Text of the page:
The fire and zeal of my fellow contributor to The Josias, Joseph, should be commended. Reflecting on the recent dustup over First Things editor R.R. Reno’s joining the call for Catholic priests (and all Christian ministers) to “get out of the [civil] marriage business” (the so-called “Marriage Pledge”), Joseph shows deep concern that Catholics may be tacitly, if not explicitly, accepting the secular dogma of separation between Church and State which has been routinely condemned by the Church’s social magisterium. The crux of Joseph’s reflection appears to be found in the following paragraph:
The overall teaching is clear. It is part of the Church’s mission to seek out the State and be united with it; it is the duty of the State to be subject to the Church in matters religious, including those pertaining to the eternal law and the natural law. When the State attempts to create positive law that is contrary to the natural or eternal law, the law itself is invalid. But the Church betrays herself if in confronting evil laws she abandons the State to its own devices. The Church has a positive mission to create concord between the Church and State, not to sow dissension between them.
This is where things start to get a bit wobbly. While the Church cannot and must not “abandon the State to its own devices,” it must remain vigilant not to become a handmaid of the secular State either. To do so could have a disastrous impact on faith and morals.
That is not hyperbole, for we know from history this is true. In his towering contribution to the recent anthology Remaining in the Truth of Christ: Marriage and Communion in the Catholic Church, Archbishop Cyril Vasil, S.J., Secretary of the Congregation for Oriental Churches, documents the problematic creation of ecclesiastical divorce in the Eastern Orthodox Church due to the conflation of Roman-Byzantine civil law and Orthodox canon law at the close of the first millennium. Following this move, the Eastern Church was assigned full authority over blessing and examining marriages, meaning that it “had to conform is practices to State and civil legislation. Then once civil legislation began to allow divorce and successive remarriages, the Eastern Church was obligated to recognize these practices.”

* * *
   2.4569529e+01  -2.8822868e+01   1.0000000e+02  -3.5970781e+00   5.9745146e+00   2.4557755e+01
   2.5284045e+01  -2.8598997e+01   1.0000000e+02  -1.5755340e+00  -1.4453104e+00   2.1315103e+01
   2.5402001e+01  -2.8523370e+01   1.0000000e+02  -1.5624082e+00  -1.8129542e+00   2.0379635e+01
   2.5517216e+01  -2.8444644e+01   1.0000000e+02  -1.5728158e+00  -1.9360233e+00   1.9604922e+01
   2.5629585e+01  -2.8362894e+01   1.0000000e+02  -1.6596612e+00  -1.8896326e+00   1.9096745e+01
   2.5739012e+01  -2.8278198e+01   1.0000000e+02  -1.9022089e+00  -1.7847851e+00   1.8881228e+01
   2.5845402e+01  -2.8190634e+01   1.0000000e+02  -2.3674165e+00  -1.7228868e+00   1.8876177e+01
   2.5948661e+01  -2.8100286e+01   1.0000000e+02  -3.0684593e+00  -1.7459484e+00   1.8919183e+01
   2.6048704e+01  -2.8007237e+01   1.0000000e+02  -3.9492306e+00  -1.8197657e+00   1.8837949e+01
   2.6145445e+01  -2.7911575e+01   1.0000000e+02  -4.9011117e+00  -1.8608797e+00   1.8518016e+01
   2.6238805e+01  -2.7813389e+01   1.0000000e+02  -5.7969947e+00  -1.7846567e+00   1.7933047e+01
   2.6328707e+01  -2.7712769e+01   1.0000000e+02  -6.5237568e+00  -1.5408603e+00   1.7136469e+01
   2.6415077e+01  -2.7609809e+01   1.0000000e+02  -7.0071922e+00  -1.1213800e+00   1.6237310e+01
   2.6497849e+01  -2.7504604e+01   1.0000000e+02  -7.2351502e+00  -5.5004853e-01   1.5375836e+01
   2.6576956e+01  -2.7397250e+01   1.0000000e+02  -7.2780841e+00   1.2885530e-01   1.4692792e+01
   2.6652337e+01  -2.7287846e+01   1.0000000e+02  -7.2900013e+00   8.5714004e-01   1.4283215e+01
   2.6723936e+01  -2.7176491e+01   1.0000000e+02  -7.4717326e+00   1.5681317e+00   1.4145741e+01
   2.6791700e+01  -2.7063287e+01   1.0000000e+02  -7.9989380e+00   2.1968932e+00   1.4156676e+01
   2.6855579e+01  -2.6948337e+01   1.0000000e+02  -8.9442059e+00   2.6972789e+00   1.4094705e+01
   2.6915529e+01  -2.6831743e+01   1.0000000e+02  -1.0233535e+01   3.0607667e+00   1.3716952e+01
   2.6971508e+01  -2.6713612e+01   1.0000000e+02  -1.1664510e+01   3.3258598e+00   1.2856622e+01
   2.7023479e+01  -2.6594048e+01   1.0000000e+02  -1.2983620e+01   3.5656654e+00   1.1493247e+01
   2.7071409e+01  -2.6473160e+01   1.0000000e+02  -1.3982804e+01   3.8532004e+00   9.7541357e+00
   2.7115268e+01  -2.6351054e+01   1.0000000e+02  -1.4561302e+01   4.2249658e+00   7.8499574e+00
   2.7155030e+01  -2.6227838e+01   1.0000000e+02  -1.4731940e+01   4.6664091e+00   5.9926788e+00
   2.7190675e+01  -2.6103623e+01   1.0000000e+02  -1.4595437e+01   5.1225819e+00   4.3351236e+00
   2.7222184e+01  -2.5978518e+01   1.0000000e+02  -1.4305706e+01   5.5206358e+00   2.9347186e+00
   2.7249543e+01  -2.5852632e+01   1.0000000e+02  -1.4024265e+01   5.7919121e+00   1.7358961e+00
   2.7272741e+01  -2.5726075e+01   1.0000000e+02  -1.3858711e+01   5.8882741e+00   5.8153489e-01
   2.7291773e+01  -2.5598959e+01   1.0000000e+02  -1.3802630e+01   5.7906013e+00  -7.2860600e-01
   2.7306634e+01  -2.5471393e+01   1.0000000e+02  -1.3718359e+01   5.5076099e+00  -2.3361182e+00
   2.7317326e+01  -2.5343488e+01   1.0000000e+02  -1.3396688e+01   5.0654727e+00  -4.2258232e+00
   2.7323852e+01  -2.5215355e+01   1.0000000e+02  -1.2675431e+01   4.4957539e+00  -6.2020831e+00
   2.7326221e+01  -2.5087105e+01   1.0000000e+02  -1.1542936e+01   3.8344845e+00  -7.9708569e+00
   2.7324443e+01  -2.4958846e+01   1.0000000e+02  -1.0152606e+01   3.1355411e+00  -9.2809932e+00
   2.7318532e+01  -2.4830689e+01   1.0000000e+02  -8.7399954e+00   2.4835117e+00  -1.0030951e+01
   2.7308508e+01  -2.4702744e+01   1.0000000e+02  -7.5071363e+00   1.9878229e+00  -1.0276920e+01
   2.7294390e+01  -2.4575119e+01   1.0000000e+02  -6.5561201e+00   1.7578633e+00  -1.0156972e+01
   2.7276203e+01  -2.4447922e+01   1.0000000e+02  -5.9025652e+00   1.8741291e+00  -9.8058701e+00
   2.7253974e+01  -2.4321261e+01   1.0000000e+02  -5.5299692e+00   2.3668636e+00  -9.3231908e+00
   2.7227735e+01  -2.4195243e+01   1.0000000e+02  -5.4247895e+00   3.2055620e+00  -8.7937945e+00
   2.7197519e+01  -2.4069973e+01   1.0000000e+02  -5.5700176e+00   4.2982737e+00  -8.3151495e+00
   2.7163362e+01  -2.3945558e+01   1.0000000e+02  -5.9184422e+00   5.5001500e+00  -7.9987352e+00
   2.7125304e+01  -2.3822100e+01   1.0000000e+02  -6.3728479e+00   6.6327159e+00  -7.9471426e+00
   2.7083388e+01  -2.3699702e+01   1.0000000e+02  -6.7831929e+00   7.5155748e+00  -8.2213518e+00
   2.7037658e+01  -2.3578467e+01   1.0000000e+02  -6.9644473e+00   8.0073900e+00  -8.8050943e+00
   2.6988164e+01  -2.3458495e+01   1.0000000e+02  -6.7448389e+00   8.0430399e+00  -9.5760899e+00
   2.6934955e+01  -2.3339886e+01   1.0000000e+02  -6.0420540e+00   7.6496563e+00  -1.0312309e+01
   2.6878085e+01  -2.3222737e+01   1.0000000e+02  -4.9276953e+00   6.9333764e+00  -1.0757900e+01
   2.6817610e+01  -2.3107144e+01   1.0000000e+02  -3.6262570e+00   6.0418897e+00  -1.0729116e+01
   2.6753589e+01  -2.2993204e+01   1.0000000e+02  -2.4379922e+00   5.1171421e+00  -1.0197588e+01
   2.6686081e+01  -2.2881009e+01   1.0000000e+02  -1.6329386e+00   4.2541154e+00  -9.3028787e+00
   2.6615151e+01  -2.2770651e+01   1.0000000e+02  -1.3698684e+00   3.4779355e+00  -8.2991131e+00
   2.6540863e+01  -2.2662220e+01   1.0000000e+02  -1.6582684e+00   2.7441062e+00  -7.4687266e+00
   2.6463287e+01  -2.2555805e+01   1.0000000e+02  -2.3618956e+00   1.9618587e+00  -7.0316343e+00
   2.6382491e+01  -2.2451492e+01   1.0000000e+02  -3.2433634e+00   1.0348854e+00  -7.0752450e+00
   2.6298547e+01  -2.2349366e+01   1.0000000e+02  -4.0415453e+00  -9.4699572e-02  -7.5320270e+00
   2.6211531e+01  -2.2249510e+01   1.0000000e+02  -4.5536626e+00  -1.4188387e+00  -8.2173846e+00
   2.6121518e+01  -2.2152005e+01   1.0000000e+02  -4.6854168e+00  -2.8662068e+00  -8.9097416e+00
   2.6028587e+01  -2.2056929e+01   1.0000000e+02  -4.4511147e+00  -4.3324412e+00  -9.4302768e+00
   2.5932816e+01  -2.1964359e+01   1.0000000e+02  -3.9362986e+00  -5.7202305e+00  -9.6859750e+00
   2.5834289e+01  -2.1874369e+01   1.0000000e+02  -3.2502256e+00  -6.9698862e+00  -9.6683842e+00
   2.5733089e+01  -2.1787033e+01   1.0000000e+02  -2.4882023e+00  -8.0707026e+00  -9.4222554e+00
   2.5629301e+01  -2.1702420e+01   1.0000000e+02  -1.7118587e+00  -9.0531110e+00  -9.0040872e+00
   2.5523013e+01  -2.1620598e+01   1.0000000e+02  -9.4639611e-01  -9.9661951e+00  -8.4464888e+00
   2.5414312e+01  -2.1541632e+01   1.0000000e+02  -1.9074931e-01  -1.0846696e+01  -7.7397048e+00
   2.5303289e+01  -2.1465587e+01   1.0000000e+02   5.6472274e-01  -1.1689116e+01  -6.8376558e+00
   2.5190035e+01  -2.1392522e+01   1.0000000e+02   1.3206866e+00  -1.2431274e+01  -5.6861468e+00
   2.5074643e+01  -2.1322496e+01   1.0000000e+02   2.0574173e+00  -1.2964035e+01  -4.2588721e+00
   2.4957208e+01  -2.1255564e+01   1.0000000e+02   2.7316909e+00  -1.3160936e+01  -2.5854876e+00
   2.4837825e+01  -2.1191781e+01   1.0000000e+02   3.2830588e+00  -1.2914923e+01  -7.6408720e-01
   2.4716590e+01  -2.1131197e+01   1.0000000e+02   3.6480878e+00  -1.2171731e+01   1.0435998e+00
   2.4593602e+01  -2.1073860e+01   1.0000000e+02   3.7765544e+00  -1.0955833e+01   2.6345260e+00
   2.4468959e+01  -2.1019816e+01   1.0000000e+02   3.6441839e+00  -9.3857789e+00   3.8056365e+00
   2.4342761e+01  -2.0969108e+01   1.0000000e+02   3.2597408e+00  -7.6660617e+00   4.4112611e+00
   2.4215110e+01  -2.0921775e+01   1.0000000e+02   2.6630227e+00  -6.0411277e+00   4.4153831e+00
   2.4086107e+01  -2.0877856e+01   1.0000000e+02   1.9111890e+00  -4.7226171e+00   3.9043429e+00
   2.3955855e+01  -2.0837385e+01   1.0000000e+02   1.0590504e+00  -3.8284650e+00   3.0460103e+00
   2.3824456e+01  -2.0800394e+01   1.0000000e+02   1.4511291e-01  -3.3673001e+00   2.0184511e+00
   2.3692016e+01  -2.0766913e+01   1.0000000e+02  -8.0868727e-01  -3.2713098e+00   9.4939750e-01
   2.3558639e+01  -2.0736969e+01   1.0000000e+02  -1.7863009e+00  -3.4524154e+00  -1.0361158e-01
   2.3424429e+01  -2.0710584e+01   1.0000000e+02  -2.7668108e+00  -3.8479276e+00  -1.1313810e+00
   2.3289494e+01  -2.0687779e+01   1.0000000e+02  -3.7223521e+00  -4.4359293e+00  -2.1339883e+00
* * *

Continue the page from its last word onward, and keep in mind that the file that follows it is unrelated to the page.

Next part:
Such recognition carried a steep price for Eastern Orthodox doctrinal coherence. While numerous ex post facto “theories” have been put forth over the centuries to justify the Orthodox practice of ecclesiastical divorce (though sometimes different terminology is used), the hard reality is that the Byzantines, by accepting divorce duties from the State, exported the idea to other parts of the Orthodox world, including the emerging Russian and other Slavic churches. Now, more than 1,000 years later after it became cemented in Orthodoxy’s doctrine, ecclesiastical divorce remains an intractable source of contention between the Western and non-Catholic Eastern churches.
Some might object here and say that the situation in the Byzantine Empire, with its caesaropapist ecclesial-political arrangement, is a far cry from our current situation where the lines between secular government and Church authority are clearly demarcated. But is it that clear? For nearly two centuries influential elements in the American Catholic Church have sought to strike concords with the American brand of secular liberalism, demonstrating that “good Catholics” can be “good citizens” with “good citizens” here meaning a willingness to accept the privatization of religion in exchange for a package of ostensibly secure civil and political rights. Given the depth of catechetical confusion which now runs rampant, up to and including the active attempt of influential Catholic clerics and laity to fuse secular-liberal economic and social values onto the teaching of the Church, it would appear there is more than one way for the Corpus Mysticum to come under the thumb of the State.
Returning now to Joseph’s exhortation, it is critically important for faithful Catholics living in these unfortunate and uncertain times to make prudent choices concerning where and when it will accept, abandon, or agitate against the State and the dominant culture of relativism, hedonism, and religious indifferentism it promotes. At times Joseph seems too ready to declare the government of the United States illegitimate and lacking authentic authority. Even if that were true, would that not add to the argument that the Church, and all Christians of good will, ought to “get out of the marriage business” when that “business” is being conducted on behalf of an unlawful authority? We might wish to pray and reflect (but most of all pray) deeply on that question before pushing hearts and minds down such a perilous path.
None of this is to say that Reno and First Things, with its historic neoconservative orientation, warrant anything less than skepticism when they try to establish new marching orders for the American Catholic Church. Reasonable men can disagree over the intelligence and effectiveness of the “Marriage Pledge,” especially if that pledge is not accompanied by an unequivocal statement from the American hierarchy that the Church is not surrendering its custody over marriage in toto. However, Reno’s call represents a potentially necessary action that the Church may have to follow in order to remain free of the contemporary secular State’s influence.